In 2020, the family contacted a claims farmer through a Facebook ad. They were passed to Anthony Hodari Solicitors, who sent a pre action protocol letter in June 2020. When RBH’s officer, Mark Wrigley, inspected in July 2020. (This was after Fitness for Human Habitation came into force for this tenancy in March 2020, and RBH had had 15 months notice that this would be the case). He concluded the problem was ‘lifestyle issues’. Wait for it…
Cooking and bathing were believed to be adding to moisture in the property by RBH – including claims that ‘ritual bathing’ involving a ‘bucket’ was taking place, although the court heard workers never asked the family about this directly, while Mr Abdullah insisted it did not take place.
Oh, for heaven’s sake, that tired racist allegation. It gets trotted out with pretty much every complaint of damp, or raised as an accusation where there is a leak into the flat below, where the tenant is African. Here, apparently, concluded as being a cause without even asking the tenant. Housing officers have to stop with the racist assumptions, they really, really do.
(Again, remember that things like cooking and washing are the kind of things that people reasonably expect to be able to do in their homes without being accused of being at fault. And the property was belatedly found to have inadequate ventilation, such that normal use would produce the condensation and mould).
So, the housing conditions pre-action protocol is apparently underway. What does RBH do about remedying the defects?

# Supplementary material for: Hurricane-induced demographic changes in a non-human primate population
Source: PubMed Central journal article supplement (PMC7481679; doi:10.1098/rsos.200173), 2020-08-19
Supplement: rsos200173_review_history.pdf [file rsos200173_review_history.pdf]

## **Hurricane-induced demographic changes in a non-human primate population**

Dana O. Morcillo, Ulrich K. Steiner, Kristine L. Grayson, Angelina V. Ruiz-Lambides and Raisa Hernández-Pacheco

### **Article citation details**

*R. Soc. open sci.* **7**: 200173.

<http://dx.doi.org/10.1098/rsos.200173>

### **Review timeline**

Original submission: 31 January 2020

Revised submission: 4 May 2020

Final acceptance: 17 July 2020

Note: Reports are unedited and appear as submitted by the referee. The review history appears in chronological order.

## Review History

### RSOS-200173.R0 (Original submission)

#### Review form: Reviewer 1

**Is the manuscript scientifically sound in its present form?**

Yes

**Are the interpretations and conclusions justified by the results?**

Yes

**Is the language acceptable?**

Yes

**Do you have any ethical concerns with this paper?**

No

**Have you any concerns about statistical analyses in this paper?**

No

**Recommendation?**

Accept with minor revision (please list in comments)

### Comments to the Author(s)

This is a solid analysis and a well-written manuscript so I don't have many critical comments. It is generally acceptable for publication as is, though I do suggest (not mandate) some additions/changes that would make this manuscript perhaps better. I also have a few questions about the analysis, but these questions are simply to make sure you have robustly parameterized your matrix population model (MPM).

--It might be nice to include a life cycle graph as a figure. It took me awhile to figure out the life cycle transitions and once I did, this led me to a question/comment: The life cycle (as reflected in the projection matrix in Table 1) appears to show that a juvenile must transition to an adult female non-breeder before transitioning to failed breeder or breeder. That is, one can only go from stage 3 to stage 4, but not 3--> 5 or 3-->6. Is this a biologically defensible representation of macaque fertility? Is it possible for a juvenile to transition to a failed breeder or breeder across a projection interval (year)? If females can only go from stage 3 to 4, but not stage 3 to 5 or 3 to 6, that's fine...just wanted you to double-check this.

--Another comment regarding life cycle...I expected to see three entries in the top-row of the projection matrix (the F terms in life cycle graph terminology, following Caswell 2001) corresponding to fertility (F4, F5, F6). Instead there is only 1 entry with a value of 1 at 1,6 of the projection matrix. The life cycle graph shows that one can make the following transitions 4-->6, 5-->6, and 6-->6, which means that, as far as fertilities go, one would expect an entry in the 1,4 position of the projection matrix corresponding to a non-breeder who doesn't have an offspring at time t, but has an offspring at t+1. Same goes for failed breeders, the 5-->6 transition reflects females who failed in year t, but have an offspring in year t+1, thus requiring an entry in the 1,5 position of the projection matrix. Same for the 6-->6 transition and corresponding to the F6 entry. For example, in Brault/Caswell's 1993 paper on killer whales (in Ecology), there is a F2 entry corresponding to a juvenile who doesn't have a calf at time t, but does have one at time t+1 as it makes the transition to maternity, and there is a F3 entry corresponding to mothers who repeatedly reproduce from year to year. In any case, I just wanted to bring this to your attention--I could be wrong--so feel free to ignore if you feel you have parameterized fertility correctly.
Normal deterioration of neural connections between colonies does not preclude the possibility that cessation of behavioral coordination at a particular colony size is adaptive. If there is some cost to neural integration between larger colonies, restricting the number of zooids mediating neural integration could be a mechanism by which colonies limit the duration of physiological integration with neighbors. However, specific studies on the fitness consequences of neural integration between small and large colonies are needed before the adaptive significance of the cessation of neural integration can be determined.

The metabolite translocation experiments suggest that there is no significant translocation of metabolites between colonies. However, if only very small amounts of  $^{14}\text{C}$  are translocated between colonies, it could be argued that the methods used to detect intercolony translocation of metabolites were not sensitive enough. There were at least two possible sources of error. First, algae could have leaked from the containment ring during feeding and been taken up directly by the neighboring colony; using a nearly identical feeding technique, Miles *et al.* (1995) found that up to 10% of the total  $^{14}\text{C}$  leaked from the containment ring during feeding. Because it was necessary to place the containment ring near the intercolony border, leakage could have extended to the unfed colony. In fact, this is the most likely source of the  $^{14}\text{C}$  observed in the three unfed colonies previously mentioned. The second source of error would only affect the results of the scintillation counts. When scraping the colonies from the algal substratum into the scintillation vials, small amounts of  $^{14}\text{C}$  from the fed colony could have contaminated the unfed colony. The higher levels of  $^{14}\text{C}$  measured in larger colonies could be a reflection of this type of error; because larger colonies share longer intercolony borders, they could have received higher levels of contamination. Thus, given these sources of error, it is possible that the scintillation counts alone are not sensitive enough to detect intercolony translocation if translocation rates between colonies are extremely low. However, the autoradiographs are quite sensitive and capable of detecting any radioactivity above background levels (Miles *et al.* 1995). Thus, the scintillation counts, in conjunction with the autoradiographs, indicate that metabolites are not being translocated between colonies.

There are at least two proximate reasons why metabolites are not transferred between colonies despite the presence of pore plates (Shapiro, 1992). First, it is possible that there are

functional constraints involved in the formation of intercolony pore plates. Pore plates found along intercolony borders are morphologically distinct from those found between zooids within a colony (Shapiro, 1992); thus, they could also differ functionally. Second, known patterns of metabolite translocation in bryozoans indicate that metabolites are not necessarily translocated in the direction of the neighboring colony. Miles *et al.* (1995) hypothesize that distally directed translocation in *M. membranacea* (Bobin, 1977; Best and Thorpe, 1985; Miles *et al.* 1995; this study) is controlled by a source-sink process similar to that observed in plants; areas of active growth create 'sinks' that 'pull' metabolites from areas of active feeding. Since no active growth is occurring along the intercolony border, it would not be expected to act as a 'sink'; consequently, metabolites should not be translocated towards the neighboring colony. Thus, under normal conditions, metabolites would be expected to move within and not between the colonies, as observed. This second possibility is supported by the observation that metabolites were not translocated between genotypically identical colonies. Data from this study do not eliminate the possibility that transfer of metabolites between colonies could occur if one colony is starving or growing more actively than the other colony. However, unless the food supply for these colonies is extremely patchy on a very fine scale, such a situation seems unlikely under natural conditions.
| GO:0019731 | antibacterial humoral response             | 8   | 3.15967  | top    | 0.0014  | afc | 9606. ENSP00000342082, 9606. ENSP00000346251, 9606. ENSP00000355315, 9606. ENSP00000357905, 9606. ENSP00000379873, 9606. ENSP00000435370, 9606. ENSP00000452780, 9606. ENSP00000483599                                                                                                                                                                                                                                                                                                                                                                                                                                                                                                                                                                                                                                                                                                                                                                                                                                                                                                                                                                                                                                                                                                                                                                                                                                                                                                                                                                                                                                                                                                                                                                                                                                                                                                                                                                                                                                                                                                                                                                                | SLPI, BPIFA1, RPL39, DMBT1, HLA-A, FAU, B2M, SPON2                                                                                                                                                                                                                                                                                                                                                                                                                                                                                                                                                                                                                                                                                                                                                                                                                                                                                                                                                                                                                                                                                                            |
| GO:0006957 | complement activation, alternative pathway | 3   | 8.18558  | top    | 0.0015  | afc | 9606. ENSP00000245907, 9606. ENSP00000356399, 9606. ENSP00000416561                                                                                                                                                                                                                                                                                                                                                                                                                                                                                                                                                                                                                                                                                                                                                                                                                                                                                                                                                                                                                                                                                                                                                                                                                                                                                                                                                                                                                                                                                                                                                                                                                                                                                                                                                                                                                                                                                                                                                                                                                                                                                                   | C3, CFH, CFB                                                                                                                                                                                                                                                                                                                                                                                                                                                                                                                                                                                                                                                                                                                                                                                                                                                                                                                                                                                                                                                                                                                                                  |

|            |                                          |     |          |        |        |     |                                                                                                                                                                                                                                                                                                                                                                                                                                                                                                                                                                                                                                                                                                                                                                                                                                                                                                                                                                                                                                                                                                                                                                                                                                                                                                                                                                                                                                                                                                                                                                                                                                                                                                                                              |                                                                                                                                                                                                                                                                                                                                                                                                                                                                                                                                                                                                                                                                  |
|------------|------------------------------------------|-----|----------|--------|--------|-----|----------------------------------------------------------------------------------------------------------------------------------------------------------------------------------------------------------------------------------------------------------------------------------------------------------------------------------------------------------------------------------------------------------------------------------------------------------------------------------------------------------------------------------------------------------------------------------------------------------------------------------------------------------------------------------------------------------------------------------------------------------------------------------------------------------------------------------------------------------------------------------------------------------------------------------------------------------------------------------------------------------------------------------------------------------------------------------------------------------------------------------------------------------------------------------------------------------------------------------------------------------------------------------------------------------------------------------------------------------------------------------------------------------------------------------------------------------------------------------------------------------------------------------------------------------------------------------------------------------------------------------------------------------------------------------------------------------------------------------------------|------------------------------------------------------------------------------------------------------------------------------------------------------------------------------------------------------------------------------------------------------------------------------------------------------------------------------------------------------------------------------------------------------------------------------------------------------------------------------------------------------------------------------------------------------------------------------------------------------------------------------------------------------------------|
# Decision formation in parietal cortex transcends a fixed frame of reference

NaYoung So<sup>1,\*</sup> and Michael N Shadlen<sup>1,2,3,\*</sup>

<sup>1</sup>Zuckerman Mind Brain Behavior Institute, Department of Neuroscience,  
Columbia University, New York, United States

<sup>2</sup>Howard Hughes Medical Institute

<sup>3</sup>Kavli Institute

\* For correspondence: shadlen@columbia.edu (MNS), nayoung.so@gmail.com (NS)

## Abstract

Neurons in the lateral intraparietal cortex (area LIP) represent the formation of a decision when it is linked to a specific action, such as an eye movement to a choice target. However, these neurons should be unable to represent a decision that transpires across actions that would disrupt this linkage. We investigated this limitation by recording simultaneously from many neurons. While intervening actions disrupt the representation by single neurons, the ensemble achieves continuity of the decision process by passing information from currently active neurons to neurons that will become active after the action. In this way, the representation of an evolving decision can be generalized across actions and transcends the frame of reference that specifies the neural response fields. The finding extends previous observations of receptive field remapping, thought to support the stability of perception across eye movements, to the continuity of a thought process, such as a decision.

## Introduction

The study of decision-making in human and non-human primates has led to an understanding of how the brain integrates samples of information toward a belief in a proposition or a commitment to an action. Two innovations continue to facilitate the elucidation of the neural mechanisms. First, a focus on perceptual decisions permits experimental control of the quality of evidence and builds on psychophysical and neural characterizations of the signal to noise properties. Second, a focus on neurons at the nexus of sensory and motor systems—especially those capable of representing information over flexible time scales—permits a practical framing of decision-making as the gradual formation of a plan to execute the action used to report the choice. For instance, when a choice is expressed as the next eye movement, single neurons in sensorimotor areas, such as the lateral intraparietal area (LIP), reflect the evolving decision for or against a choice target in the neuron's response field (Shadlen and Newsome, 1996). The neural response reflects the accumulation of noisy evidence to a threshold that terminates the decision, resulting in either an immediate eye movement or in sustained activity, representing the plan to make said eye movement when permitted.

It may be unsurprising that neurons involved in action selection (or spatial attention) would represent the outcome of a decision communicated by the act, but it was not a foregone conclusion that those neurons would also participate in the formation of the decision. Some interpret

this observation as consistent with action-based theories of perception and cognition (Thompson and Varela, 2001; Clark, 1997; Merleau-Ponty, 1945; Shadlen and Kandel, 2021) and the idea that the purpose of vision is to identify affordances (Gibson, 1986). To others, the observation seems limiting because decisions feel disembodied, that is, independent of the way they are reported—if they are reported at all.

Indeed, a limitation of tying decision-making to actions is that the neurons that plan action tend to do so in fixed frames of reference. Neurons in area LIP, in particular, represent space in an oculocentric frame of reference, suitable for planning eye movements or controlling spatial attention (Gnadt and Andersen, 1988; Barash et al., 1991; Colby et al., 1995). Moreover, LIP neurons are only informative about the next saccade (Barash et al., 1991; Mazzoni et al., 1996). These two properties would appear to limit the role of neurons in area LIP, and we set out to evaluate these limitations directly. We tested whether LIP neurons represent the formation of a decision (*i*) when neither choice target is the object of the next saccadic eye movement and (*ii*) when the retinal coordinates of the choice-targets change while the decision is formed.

In 2020, RBH had a policy not to carry out remedial works on properties which were subject to legal claims, until they had secured agreement to the works from the tenant’s solicitor. It meant that Mr Wrigley visited Awaab’s home on July 14, 2020, to draw up a list of repairs that needed carrying out, but the work could not take place until the green light had been given by Anthony Hodari.
*Deep breath*. Who came up with this ‘policy’? It is a nonsense, and harmful for both the tenant and the landlord. There is no, zero, nada requirement in the pre-action protocol for the landlord to hold off on works until they are agreed. From the landlord’s position, it actually makes sense to do the bloody works as quickly as possible, both to minimise the damages period, and to reduce the chances of the claim actually being issued, because it would quite possibly be a damages only small claim, so saving both ongoing damages and legal costs. It also makes sense for a landlord that actually, hypothetically, putatively cares about its tenants’ living conditions to sort things out as quickly as possible.